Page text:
whole_AcRosemary2008_thesis.pdf (3.34 MB)
Parenting style and antisocial pathways : the implications of rational choice assumptions in crime prevention
thesisposted on 2023-05-26, 22:11 authored by Ac, R
This dissertation looks at the problem of increasing rates of antisocial behaviour in western countries. As such, the structural models being proposed to ameliorate this trend in Australia are questioned. Current strategies include tough punitive measures, cognitive education, therapy and diversion through welfare services. However, over the last two decades, increases rather than decreases in criminal behaviour and depressive illness have occurred, especially in Tasmania. By means of interviews with practitioners, from various agencies, problems in trying to address antisocial trends are examined. There are many theories on offending, with the idea of 'pathways' prominent in recent literature. However, Australian crime prevention approaches are becoming less focused on developmental explanations in favour of a 'rational choice' view which seems to blame the underprivileged for their problems. Furthermore, although acknowledging the need for early intervention, rational choice notions downplay the implications of parenting style on offending pathways. This is because of an assumption that trust is inbuilt and behavioural motivations instrumental and reciprocal. Hence, the idea is that those who are inherently resilient will overcome their disadvantage by choosing good role models and supports during life transitions. Consequently, both developmental and rational choice models attend to the journey rather than the source of social pathways. This dissertation argues that the sensitive pre-language phase of childhood is where feelings of trust and empathy develop, temperament is determined and pro-social or antisocial propensities arise. By noting emerging patterns of behaviour observed by practitioners and exploring the literature on offending, it is hoped to highlight how parenting style is not just one of the many factors involved in offending behaviour but the principal driver of social outcomes.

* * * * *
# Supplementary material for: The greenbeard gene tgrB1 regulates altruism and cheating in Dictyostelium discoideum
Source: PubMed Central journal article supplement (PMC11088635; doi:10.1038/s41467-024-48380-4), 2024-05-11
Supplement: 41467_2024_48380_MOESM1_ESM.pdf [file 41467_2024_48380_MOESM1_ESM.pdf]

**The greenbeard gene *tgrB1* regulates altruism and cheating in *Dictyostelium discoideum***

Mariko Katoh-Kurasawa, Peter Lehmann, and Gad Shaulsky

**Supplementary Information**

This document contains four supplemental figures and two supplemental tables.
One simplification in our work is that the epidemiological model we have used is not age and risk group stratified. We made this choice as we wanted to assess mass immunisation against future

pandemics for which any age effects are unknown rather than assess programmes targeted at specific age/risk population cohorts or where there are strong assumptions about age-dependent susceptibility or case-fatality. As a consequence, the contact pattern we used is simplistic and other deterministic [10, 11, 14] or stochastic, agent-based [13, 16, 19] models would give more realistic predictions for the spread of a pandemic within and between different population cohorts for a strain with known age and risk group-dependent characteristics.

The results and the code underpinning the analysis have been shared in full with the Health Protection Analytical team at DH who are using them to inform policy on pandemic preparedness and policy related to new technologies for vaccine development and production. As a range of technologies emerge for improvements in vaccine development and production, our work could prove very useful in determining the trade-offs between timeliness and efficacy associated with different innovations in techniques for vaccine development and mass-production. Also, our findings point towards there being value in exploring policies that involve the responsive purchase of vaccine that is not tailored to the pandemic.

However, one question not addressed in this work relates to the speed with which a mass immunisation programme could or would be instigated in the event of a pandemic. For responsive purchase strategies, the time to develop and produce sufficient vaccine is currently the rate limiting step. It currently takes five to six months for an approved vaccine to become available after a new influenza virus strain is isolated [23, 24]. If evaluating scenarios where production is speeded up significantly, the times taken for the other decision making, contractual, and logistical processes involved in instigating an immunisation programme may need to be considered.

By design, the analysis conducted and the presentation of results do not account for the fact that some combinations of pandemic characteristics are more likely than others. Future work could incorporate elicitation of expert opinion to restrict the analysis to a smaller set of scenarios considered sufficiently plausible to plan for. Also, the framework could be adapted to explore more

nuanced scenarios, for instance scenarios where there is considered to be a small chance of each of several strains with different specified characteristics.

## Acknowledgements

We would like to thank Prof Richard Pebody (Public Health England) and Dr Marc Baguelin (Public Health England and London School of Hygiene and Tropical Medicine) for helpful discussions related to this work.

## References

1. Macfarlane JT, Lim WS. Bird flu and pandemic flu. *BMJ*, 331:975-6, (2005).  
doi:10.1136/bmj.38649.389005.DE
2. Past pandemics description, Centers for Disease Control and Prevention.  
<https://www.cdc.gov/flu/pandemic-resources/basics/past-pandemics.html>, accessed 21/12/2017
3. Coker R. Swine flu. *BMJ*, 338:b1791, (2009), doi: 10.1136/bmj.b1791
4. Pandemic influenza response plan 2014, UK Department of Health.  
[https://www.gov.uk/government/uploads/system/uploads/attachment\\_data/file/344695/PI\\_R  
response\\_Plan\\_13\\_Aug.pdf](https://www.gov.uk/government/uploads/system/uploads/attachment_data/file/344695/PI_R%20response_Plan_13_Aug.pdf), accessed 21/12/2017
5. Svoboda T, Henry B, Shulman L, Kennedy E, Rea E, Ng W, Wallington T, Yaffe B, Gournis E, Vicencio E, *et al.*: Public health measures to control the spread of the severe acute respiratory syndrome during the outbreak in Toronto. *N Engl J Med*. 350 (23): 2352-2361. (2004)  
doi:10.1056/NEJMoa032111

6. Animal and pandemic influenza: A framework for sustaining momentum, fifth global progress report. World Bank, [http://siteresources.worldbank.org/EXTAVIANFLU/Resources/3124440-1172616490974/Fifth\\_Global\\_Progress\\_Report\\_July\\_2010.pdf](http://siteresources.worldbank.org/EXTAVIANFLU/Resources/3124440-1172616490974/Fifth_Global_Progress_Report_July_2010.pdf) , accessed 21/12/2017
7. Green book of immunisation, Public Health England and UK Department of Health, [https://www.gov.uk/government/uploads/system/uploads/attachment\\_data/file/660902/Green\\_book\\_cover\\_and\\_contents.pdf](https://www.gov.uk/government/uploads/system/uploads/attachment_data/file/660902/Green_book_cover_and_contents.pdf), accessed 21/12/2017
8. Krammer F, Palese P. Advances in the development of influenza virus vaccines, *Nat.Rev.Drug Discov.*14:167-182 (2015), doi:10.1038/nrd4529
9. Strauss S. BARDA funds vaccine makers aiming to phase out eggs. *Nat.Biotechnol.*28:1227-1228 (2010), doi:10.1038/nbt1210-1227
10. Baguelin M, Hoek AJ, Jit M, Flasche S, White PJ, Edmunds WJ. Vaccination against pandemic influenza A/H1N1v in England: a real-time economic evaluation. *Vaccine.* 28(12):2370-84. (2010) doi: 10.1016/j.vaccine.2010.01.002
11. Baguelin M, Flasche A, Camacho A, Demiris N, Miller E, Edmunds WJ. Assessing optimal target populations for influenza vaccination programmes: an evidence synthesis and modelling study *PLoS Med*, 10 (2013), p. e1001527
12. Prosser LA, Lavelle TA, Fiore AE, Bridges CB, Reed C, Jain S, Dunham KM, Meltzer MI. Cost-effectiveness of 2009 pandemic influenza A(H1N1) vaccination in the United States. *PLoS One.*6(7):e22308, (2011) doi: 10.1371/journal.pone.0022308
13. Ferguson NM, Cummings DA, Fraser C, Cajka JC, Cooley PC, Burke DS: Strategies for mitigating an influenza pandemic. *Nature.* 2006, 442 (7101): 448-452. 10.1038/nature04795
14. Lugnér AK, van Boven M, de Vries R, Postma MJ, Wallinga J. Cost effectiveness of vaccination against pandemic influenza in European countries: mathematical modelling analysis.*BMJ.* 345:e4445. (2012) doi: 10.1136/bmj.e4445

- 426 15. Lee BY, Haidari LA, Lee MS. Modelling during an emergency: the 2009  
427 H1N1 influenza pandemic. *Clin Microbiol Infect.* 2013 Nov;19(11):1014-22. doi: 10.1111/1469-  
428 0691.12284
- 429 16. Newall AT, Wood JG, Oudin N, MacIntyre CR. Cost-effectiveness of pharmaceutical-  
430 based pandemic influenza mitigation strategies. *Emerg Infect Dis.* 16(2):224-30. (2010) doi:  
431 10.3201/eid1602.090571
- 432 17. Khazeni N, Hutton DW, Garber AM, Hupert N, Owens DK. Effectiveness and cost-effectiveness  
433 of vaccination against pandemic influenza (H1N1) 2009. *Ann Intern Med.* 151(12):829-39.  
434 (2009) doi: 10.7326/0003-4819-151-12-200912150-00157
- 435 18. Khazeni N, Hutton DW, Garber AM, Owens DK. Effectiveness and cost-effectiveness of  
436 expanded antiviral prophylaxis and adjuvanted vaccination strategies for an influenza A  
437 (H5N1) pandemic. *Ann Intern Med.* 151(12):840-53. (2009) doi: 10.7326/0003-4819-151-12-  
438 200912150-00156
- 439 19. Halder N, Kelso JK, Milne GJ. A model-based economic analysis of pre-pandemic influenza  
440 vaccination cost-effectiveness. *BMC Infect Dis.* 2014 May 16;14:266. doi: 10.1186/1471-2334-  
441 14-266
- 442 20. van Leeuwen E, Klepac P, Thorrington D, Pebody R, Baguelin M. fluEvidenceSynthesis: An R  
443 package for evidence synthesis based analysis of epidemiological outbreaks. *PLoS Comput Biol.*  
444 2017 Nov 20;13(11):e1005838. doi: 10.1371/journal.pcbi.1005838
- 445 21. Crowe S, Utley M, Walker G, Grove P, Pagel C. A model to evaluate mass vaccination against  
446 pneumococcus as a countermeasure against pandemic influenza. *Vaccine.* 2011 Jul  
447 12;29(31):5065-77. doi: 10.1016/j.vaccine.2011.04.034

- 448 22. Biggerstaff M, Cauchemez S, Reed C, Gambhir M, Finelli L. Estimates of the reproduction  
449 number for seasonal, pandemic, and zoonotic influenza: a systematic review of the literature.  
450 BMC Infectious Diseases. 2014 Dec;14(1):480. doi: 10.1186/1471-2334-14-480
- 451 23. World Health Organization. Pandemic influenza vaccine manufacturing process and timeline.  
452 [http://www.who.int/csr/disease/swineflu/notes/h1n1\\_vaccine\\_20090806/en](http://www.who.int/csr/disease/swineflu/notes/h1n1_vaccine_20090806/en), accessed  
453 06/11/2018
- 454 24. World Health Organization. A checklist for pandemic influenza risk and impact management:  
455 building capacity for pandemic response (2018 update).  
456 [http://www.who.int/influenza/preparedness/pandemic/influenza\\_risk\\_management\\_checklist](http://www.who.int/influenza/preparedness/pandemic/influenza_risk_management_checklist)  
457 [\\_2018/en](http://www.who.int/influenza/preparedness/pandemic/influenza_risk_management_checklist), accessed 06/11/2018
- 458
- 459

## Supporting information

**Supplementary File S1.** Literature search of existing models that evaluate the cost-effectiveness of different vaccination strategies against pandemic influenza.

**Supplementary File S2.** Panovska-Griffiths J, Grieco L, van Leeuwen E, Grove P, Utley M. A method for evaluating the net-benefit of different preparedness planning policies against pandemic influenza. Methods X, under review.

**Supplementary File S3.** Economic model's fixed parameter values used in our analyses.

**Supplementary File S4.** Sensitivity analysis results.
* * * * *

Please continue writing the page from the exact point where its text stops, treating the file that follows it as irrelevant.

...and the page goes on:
Rights statementCopyright 2008 the author - The University is continuing to endeavour to trace the copyright owner(s) and in the meantime this item has been reproduced here in good faith. We would be pleased to hear from the copyright owner(s). Thesis (MCrimCorr)--University of Tasmania, 2008. Includes bibliographical references